This week’s episode of The Runner-Up brings up the alleged elephant in the room: Clay Aiken’s sexual orientation.
This week’s episode of The Runner-Up brings up the alleged elephant in the room: Clay Aiken’s sexual orientation. As you may know Aiken is gay, which, like his eye and hair color, has not been a part of his political platform in his run for North Carolina’s 2nd congressional seat. With three weeks to go before the election, Clay has decided on doing a bus tour of the district to get to know the constituents. Meanwhile, Amendment 1, a constitutional ban on gay marriage voted on in the 2012 election, has just been overturned by the North Carolina Supreme Court.1 Like it or not, Clay is forced to address the issue at his appearances, which are challenging enough as a moderate democrat in a republican district.
What political lessons were we able to glean from the candidate this week?
The DCCC Gets a C-
Much like in last week’s episode, fundraising is a major concern for the Clay Aiken campaign. The Democratic Congressional Campaign Committee, a national group designed to help candidates within the party win elections, has set fundraising goals for the Aiken campaign to gauge viability. Although the campaign has struggled to meet those goals, the objectives are met only to have the goalposts move a little bit further down the field. Ultimately, Clay wants to appear on the DCCC’s Red to Blue list of seats that are up for grabs. Keep in mind, 2014 was a drubbing for the democrats, so the DCCC had to focus on keeping current seats blue before trying to turn red seats. However, Clay did have a point when he called out the DCCC for stringing him along, drawing the analogy of Lucy yanking the football away from Charlie Brown. The relationship ends with Clay hanging up on his DCCC rep mid-sentence.
Get on the Bus
Since the campaign isn’t raising enough money for ads, Clay wants to travel through the very-oddly shaped district to meet with voters and the people he will represent. His campaign manager Ellen thinks this is a terrible idea (Clay should be fundraising), but Clay says he would rather lose doing the campaign in the style he wants to do it. The 21-day tour gets off to…about as much of a start as one could hope in a mid-term campaign for a candidate with very little chance of winning. The first stop has a couple dozen people, many of them staff and volunteers, plus a tracker. A tracker is someone who works for the opposite side and records everything a candidate does in the hopes of capturing a major blunder so that it goes viral. Clay tells us he has no problems with cameras watching his every move thanks to American Idol (and probably this documentary), but the video of tens of people at a rally is not going to get Renee Ellmers to shake in her boots.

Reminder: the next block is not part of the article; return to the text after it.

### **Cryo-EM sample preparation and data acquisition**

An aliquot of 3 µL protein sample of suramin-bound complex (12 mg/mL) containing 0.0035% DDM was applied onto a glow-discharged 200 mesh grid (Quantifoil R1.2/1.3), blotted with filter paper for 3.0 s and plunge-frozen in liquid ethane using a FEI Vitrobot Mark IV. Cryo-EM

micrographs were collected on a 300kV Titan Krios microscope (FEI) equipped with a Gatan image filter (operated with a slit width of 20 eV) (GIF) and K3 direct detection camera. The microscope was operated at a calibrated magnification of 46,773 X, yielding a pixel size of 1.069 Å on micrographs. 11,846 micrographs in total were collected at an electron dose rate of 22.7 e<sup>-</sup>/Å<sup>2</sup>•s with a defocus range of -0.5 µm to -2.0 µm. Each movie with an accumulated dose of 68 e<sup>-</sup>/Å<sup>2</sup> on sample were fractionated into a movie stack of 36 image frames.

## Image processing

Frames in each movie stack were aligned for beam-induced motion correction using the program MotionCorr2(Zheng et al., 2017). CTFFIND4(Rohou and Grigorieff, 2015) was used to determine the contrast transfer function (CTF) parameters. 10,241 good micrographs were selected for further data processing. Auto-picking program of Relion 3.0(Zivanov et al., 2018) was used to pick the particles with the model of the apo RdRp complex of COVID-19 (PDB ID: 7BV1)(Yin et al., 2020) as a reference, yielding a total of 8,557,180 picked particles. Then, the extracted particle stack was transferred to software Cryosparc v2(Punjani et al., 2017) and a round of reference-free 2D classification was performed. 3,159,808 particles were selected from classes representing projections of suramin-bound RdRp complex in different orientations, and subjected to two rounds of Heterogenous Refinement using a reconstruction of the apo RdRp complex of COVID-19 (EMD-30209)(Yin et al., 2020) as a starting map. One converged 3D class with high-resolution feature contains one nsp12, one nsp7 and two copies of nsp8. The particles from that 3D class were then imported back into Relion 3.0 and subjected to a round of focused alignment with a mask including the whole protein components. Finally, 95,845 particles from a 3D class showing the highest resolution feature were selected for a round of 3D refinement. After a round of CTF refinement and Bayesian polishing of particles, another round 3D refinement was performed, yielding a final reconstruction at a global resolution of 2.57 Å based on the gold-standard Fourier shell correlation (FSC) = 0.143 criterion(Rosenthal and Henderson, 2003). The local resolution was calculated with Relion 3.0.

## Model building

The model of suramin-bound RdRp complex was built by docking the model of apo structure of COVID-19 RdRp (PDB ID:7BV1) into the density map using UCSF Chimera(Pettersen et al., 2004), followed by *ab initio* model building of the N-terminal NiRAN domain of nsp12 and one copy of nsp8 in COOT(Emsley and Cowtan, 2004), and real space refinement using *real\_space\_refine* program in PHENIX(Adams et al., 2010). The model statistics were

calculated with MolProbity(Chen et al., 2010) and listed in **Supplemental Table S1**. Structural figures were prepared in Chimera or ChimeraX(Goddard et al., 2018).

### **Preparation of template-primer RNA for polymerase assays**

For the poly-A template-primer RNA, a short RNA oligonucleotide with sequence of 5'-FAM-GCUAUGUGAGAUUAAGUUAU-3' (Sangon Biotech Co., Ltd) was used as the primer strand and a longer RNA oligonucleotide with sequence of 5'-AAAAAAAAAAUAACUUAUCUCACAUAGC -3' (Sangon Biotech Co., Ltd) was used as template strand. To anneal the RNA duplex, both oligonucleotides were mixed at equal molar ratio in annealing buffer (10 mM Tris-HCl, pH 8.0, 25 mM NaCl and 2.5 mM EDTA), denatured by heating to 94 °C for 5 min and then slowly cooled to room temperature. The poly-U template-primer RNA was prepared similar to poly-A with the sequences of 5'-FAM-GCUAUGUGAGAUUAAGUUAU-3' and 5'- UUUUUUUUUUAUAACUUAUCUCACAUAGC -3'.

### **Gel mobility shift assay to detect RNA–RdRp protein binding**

NC-2 is drawn to be a republican district. As a result, Clay has learned some harsh truths about politics. First, many people he has encountered will be voting for the republican because s/he has an R following their name. Clay lectures one voter at a county fair about not talking about the issues, which is a cringey moment even though it ends with him telling the voter he knows she is never going to vote for him. At least the tracker wasn’t there? Clay also shares that the only people that come up to talk to him are the people who are already planning on voting for him, so there isn’t an opportunity to convince someone who is sitting on the fence…if those people exist anymore.
As he laments the disappearance of moderates in government, we learn that part of Clay’s strategy is to bridge the gap as much as possible with his republican counterparts. This includes participating in a panel with the Tea Party of Moore County. He opens with a joke about why on earth he is in the room that goes over like a lead balloon.2 To make watching this less uncomfortable, I strongly suggest treating it like a community forum scene from Parks and Recreation. In his closing, Clay plays up the point that he was present and participating in the forum, unlike the elected representative who has claimed to be a Tea Party supporter though her actions have not always lined up with the group.
Clay’s bus tour coincides with the North Carolina Pride festival, which he chooses not to attend. Although he is a candidate who happens to be gay, Aiken is adamant that LGBT issues are not central to his campaign. He goes so far as to say he is offended by the supposition, even though he points out in an interview that he would be the first out congressperson from the south were he to win. That doesn’t stop people asking him for his thoughts about the recent overturning of Amendment 1. Although his personal reaction has been positive, his political reaction can best be described as clumsy. He refers to the issue as “not yet settled” and defers to the eventual Supreme Court case.3 Even as a non-answer, it does not come across as particularly polished.